The biopharmaceutical industry has a tried-and-true drug development method, moving from in vitro testing to animal models before taking the leap to clinical trials. The costs and fail rate are high, but the approach has produced many disease-modifying drugs. Just, not for neurological diseases.
The complexity of the human brain and central nervous system has left companies over-reliant on poor animal models that largely do not reflect human disease, which has stymied the development of therapeutics and led to widespread divestment by risk-averse big pharmaceutical players. That abdication has left openings for creative new approaches and led directly to the formation of PurMinds NeuroPharma. The company was launched by CEO Janet Qi in 2021 to find a better way to screen therapeutic leads and develop promising neurological disease assets, quickly coalescing around an approach championed by chief scientific officer, Jonathan Grima.
While a PhD student in neuroscience at Johns Hopkins University in Baltimore, United States, Grima and colleagues identified a novel therapeutic target for amyotrophic lateral sclerosis (ALS) and frontotemporal dementia (FTD). The researchers used induced pluripotent stem cell (iPSC)-derived neurons from patients with the most common genetic mutation of ALS and FTD to confirm a druggable connection to human neurodegeneration. This led to the development of BIIB100, which Biogen acquired from Karyopharm as a preclinical asset and sped into clinical testing for ALS. Grima and colleagues employed a similar approach to identify novel Huntington’s and Alzheimer’s disease targets. Grima was subsequently named to ‘Forbes 30 under 30 in science’ in 2019.
“Many cellular pathways that are disrupted in neurodegenerative diseases can be recapitulated using human iPSC-derived brain cells, which are generated from human blood or skin cells, but are effectively brain cells in a dish,” said Grima. “This helps overcome one of the largest barriers in neurological drug development—the inability to biopsy and study brain tissue in live patients.”
“The technology can potentially help predict efficacy of drugs in a cost-effective manner before initiating timely and expensive clinical trials. More importantly, our work may show that these iPSC-derived brain cells have more predictive validity and translational success than current animal models because this is a human model, but more studies are needed,” said Grima. “We have to abandon this one-treatment-fits-all approach in neurology and psychiatry, where we’ve lacked the tools to connect the right drugs to the right patients. We’re not only trying to improve the likelihood of clinical efficacy for our novel drug candidates, but hopefully identify biomarkers for populations most likely to respond, thus de-risking assets long before they reach human testing.”
Diverse portfolio for neurodegenerative diseases
Today, PurMinds’ portfolio includes small molecules and psychedelics. Its lead asset targets a specific post-translational modification that has been shown in preclinical testing to rescue nucleocytoplasmic transport defects, and prevent the formation of toxic protein aggregation that are believed to drive neurodegeneration across several diseases, including ALS and FTD. The company will soon perform therapeutic efficacy and IND-enabling toxicology studies for its two lead assets, and continue exploration of their therapeutic potential for other neurodegenerative diseases.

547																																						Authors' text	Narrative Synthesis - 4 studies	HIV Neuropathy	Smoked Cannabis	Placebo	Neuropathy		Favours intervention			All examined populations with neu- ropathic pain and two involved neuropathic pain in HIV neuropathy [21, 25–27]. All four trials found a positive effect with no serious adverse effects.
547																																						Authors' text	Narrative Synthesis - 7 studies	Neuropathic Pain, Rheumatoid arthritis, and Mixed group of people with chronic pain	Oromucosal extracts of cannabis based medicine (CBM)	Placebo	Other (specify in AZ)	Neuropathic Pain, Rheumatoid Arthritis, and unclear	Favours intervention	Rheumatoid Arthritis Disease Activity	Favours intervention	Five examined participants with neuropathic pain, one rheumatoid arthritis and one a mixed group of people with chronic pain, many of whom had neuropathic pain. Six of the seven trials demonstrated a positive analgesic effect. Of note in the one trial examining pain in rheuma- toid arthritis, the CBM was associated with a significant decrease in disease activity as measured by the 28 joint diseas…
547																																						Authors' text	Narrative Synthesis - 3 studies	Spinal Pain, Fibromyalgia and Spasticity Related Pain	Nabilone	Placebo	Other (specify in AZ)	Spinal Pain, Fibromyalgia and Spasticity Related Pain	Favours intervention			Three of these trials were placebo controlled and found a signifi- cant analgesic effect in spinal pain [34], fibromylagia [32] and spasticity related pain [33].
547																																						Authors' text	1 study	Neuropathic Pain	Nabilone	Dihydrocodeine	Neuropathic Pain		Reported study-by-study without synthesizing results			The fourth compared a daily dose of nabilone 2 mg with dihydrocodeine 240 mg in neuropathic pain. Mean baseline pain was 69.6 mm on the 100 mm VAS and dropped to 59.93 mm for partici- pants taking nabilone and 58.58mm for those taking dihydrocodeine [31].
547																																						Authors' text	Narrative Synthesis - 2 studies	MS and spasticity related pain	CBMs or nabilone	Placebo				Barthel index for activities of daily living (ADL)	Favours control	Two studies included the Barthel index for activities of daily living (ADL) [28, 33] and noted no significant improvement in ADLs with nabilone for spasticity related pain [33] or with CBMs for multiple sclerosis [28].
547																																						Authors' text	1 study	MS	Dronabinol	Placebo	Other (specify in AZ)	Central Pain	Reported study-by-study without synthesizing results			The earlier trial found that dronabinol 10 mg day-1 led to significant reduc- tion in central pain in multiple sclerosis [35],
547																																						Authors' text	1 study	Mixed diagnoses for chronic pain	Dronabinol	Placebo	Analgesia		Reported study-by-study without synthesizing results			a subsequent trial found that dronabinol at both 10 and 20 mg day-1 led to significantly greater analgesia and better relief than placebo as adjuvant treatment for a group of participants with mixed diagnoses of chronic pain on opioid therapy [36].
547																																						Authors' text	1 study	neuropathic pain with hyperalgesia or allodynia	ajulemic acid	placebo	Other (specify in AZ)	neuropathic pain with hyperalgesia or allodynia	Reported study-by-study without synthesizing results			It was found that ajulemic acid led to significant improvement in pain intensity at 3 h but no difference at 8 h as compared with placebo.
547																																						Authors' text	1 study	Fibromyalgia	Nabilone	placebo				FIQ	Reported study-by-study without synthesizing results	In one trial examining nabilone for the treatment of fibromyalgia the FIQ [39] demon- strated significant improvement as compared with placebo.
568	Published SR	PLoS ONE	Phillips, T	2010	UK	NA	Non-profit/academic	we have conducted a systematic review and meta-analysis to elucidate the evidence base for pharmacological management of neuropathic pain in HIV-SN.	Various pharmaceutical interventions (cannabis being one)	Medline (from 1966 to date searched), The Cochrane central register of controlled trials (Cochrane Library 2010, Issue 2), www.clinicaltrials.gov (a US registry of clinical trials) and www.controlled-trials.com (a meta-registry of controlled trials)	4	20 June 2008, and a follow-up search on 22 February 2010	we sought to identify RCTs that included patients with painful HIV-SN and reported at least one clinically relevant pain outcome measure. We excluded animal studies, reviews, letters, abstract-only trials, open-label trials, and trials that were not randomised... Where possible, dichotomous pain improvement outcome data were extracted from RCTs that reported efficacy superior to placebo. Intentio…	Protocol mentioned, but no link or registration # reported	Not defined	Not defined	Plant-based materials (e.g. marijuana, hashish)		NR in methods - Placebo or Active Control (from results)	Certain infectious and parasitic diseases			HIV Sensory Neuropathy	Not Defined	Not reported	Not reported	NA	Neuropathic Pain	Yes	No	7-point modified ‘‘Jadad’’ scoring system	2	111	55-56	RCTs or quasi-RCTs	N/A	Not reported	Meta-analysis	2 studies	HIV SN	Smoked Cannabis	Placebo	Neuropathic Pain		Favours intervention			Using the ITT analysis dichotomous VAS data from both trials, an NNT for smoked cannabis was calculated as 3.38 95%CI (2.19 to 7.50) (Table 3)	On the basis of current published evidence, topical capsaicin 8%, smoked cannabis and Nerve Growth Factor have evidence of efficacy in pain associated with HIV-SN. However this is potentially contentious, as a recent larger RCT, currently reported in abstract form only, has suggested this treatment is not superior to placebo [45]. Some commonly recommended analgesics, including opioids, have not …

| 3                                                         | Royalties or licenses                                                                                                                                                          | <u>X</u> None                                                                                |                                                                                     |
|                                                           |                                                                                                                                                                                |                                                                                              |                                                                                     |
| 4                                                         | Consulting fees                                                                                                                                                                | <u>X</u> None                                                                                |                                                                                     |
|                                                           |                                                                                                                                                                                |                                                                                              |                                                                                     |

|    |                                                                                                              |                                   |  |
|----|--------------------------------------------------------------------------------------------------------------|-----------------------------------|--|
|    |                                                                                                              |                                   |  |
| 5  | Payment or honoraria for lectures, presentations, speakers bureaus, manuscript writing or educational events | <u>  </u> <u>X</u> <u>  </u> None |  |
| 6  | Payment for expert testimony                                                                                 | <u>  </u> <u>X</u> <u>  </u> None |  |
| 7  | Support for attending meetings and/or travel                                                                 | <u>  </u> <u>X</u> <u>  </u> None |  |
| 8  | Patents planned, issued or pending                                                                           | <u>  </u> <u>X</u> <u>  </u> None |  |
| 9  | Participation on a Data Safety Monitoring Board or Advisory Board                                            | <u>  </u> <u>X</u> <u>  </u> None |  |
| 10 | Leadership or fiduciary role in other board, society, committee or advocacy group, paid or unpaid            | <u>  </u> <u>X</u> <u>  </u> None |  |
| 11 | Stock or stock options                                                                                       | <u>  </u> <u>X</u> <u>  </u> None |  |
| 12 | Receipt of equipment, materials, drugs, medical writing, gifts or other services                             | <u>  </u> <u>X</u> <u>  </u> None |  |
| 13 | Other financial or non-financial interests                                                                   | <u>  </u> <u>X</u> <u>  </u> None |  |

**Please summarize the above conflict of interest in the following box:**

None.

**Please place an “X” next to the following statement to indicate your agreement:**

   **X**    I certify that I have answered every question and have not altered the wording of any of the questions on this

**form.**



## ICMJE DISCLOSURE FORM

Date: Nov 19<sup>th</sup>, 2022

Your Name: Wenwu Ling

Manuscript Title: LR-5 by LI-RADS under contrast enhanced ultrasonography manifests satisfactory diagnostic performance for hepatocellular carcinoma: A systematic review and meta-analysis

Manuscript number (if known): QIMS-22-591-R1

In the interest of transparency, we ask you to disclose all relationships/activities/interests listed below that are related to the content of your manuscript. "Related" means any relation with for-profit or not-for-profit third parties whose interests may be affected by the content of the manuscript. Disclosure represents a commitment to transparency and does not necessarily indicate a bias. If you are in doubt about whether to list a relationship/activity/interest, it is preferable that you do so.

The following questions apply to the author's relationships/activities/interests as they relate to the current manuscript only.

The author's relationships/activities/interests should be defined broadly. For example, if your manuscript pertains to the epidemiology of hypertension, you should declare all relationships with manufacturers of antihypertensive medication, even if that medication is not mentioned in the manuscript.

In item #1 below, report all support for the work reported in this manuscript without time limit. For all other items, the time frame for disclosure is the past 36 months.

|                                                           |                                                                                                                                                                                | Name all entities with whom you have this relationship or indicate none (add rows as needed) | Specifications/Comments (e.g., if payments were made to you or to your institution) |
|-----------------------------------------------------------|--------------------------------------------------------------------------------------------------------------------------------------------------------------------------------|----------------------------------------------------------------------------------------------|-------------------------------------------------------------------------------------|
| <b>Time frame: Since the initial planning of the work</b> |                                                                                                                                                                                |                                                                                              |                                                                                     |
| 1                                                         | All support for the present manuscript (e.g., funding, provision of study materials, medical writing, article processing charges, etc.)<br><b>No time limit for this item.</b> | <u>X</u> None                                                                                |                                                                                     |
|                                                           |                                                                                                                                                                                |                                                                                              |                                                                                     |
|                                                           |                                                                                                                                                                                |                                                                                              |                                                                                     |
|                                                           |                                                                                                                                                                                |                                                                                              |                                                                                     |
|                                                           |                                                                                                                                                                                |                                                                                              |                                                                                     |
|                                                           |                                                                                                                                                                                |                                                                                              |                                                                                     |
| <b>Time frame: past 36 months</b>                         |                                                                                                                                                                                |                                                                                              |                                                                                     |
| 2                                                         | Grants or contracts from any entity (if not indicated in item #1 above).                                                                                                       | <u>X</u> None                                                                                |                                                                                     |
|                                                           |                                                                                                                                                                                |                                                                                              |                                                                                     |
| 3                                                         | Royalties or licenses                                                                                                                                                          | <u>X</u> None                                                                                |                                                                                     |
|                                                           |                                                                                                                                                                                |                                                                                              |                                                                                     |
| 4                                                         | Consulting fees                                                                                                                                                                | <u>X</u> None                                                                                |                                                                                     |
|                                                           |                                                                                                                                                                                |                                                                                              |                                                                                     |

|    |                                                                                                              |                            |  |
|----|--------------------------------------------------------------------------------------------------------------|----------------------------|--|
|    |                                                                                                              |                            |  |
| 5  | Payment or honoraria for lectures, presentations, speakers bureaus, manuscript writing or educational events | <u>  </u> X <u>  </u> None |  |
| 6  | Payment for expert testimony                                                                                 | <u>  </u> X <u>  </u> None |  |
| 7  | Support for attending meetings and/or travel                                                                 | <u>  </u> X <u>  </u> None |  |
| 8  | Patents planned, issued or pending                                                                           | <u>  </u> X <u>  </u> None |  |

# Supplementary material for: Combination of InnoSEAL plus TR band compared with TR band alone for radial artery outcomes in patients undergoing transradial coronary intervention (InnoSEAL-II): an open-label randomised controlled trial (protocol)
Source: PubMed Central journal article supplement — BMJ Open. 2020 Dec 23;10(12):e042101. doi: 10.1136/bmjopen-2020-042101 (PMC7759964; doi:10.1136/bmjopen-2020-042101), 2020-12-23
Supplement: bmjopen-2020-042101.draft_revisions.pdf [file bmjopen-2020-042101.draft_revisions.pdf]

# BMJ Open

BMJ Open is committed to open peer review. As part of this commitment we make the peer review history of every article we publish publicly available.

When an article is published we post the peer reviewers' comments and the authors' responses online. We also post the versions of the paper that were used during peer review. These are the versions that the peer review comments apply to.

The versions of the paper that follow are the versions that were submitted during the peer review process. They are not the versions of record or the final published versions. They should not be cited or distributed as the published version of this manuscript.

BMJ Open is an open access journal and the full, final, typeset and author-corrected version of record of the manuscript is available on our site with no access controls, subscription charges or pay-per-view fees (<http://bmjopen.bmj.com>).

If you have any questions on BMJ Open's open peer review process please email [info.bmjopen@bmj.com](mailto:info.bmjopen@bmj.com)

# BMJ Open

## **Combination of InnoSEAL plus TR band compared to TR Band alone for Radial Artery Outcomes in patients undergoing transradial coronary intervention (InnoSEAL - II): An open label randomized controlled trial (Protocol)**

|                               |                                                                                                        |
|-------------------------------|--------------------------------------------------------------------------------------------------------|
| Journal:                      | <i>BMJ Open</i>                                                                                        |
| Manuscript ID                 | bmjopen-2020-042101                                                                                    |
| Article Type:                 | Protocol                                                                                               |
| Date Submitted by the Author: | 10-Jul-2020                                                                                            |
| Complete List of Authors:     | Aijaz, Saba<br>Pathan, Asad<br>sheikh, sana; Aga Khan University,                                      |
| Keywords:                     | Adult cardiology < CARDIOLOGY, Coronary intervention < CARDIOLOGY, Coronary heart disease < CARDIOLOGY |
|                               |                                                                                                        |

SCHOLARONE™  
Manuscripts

PurMinds’ PurPrecision neuromedicine discovery platform will generate a large wealth of biological data from valuable human models and then mine this data using artificial intelligence and machine learning to uncover novel drug targets, dysfunctional molecular pathways, and biomarkers. This allows the company to screen for pathologic contributors to disease directly from the same patients whose biologic materials were used to generate these brain cells.
Data generated from the human models help PurMinds to continuously iterate and improve the platform, as well as guide clinical trial designs built on novel biomarkers for patient screening.
“Trial design has traditionally been a challenge in this space,” said Albert Agro, PurMinds’ chief medical officer. “Because neurodegeneration occurs over such a long period of time, and because symptoms alone don’t stratify disease usefully, companies have been desperately seeking non-invasive biomarkers of disease. We can use the iPSCs to create genetic fingerprints for patients likely to benefit from targeted therapies, guiding patient selection and surrogate trial endpoints.”
Partnering for the future
The company is continuing to explore partnerships and identify mature assets for in-licensing, while raising its series A to move the aforementioned assets into the clinic over the next year. The funding will also help progress the rest of its pipeline, which includes assets in lead optimization and a handful more of small molecules and psychedelics in development. “We’re leading an ethos adjustment in neuropharma,” said Qi. “We believe we have developed a unique and innovative discovery and development process that will hopefully translate to greater success for patients.”